University of Maryland unveils tool to gauge how public health taps EHRs in crises like Zika

The Public Health Information Technology Maturity Index can help officials understand how well they are using IT and data to respond to outbreaks and epidemics. 
By Jack McCarthy
07:36 AM
Maryland public health EHRs

Source: Bgervais/Wikimedia

Researchers at the University of Maryland posted a new tool to help health officials and departments more effectively harness electronic health records, other IT and data during disease epidemics.

Dubbed the Public Health Information Technology Maturity Index, the offering can be used to assess information technology, benchmark against peers, set specific goals and to foster continuous improvement, according to Kenyon Crowley, deputy director of the Center for Health Information and Decision Systems (CHIDS) in the University of Maryland Robert H. Smith School of Business

To that end, the index can help officials know how well their technology performs at gathering relevant and urgent information, including the source of infection, where it happened and under what circumstances, who an infected patient has contacted to build as complete a picture of the incident as possible.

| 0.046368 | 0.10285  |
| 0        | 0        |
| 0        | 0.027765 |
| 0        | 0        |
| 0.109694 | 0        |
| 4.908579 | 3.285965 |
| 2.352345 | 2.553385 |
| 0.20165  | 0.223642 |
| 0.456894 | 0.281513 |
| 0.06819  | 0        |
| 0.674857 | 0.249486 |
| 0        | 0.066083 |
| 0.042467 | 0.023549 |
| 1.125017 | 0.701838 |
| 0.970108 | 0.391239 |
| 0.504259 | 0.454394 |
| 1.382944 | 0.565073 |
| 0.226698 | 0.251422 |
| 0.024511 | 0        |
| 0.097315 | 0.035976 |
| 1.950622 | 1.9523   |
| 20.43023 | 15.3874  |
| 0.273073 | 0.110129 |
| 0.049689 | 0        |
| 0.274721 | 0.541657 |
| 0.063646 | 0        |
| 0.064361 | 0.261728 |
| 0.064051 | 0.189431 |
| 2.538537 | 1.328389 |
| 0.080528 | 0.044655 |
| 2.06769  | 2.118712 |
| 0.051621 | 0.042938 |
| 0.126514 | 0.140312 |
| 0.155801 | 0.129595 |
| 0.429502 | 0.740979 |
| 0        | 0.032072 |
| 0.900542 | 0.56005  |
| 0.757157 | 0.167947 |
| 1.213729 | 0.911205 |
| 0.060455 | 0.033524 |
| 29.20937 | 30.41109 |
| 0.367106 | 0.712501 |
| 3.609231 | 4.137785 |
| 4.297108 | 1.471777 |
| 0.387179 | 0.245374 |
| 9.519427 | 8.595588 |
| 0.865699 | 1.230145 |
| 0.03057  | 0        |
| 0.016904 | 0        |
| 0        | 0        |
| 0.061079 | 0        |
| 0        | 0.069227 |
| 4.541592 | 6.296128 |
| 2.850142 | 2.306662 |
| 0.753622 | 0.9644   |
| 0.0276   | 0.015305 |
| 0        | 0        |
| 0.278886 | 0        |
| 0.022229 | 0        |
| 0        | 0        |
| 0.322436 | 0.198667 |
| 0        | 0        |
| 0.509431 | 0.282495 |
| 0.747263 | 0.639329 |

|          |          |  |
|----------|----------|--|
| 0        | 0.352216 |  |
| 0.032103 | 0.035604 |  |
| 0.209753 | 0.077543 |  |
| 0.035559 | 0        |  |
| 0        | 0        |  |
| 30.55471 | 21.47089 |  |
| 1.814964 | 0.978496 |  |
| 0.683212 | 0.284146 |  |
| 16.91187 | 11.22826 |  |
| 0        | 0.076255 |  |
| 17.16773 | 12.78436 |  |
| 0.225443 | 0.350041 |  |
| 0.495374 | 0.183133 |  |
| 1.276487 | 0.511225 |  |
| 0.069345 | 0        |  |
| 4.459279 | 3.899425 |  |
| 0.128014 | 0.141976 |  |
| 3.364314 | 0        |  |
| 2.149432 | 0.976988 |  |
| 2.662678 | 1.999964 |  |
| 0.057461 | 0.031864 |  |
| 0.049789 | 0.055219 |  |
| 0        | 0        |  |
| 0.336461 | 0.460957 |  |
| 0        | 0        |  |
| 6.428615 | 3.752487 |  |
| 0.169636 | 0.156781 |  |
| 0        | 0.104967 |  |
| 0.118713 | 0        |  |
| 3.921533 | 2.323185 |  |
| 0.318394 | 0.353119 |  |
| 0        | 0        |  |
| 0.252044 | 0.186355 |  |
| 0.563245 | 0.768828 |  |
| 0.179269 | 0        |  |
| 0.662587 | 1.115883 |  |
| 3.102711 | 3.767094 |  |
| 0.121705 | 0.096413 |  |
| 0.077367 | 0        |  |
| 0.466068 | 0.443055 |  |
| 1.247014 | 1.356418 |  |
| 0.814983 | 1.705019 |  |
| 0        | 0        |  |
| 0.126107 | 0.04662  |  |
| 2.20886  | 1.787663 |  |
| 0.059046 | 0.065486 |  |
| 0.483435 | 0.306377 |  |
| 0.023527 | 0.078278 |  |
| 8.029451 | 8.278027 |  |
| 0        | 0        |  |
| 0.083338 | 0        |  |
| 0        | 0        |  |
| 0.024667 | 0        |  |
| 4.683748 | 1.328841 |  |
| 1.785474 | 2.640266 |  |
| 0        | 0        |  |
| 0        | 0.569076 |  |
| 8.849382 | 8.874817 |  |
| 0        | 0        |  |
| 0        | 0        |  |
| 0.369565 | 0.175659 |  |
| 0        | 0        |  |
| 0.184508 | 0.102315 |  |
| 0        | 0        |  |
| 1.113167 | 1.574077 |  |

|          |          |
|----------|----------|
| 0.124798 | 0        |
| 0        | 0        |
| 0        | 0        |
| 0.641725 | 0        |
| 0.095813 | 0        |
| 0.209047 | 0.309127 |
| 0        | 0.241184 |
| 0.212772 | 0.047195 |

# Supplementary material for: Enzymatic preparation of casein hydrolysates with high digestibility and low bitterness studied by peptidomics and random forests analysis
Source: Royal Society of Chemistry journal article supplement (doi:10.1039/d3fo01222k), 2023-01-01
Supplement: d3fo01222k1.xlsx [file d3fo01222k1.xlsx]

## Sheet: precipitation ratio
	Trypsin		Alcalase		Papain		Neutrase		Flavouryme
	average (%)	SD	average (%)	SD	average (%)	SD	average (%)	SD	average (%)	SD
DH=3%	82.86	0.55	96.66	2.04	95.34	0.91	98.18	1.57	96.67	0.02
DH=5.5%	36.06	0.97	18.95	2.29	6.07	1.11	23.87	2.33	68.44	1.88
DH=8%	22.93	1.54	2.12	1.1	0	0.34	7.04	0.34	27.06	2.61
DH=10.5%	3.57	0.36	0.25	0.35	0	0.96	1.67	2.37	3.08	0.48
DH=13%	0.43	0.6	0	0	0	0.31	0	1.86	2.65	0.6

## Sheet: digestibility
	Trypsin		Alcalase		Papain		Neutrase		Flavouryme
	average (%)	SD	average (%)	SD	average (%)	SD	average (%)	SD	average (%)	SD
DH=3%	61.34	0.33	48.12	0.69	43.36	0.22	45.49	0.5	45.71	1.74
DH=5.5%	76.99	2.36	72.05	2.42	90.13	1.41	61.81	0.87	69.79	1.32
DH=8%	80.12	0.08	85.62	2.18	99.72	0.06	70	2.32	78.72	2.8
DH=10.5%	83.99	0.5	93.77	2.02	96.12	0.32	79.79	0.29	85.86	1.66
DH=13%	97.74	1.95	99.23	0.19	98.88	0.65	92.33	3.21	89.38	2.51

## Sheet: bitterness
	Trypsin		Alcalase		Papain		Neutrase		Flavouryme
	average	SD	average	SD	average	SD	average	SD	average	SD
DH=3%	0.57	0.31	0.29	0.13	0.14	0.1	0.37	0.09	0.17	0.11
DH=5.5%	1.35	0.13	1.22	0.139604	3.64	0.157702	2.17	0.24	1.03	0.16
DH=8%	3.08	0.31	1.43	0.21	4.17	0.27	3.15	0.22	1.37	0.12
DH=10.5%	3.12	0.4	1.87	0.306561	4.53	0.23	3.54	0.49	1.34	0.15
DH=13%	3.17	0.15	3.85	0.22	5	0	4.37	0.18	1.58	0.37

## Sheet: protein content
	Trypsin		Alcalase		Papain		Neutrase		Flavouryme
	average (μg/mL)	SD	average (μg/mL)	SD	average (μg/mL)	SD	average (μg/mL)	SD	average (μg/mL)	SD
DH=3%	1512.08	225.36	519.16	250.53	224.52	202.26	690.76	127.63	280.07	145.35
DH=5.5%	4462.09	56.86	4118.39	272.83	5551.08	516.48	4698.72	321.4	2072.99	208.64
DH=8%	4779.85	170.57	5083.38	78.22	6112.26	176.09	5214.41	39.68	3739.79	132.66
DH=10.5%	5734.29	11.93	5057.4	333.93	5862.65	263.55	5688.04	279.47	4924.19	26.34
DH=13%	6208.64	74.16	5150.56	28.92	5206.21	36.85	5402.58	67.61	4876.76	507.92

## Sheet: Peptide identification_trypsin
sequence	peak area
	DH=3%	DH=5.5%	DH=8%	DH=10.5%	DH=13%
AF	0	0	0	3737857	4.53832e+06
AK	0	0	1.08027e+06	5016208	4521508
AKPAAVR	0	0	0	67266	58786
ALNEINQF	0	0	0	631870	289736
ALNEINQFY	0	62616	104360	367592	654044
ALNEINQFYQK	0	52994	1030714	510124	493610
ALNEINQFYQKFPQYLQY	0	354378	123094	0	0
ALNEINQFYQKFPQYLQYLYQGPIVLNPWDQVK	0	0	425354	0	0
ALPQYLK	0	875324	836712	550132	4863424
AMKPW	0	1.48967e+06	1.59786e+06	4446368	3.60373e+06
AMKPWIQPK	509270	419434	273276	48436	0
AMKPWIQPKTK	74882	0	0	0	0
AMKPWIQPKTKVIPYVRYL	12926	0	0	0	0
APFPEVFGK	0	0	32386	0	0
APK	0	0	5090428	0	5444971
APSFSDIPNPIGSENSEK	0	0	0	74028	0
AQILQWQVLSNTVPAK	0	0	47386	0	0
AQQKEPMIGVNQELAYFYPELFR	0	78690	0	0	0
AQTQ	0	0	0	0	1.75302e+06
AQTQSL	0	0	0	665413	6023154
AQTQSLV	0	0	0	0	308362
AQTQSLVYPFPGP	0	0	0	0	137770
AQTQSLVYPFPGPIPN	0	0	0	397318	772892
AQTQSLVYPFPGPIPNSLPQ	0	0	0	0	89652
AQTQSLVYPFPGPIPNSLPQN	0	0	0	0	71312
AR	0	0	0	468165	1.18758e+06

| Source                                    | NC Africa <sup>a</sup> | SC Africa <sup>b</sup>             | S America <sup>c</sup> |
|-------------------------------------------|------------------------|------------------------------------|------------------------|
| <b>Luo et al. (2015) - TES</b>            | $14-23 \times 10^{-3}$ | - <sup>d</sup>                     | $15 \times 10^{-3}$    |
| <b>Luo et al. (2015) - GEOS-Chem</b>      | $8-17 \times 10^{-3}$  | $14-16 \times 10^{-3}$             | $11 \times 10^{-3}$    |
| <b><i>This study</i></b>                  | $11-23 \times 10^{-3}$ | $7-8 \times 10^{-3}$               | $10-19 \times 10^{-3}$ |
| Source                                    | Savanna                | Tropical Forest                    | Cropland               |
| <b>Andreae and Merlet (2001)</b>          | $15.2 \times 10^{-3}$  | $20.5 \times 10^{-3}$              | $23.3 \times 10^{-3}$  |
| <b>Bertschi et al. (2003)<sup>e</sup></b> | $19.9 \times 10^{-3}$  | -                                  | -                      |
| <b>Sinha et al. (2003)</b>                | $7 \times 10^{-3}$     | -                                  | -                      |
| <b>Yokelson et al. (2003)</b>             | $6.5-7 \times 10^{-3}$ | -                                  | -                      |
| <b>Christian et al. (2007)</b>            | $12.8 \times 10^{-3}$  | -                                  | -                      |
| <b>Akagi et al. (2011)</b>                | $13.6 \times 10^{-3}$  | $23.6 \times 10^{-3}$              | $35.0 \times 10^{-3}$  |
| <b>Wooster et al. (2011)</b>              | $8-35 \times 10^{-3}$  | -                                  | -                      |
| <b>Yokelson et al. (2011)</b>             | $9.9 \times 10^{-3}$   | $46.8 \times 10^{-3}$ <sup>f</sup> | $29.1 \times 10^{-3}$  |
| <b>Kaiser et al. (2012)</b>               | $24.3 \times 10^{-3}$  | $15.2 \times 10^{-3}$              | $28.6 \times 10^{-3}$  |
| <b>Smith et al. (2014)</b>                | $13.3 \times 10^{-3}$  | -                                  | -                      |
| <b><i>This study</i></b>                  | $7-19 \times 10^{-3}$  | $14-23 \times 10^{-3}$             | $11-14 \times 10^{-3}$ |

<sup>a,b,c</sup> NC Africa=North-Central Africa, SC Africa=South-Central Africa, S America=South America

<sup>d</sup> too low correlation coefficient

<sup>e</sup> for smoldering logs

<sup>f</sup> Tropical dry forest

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The PHIT Maturity Index includes four technology categories: community infrastructure, human capital and resources, scale and scope of IT use, and quality.

Zika, Ebola and SARS demonstrate the need for “seamless data integration across hospitals, primary care, and public health delivery locations,” said Ritu Agarwal, chair of information systems at the Smith School. “And of course all of this has to occur while simultaneously maintaining the privacy of pertinent patient data.”

Working with a team of UMD researchers, Agarwal spent two years analyzing an EHR implementation among Montgomery County, Maryland health systems and primary care practice.

 “We uncovered a host of barriers and obstacles to effective use of information, including the complexity and usability of the software, the inability of the software to support certain unique public health reporting needs, the learning curve for public health workers, and the lack of standards for effective data exchange,” Agarwal said. “All of this does not bode well, either for crisis response or for proactive crisis anticipation.” 

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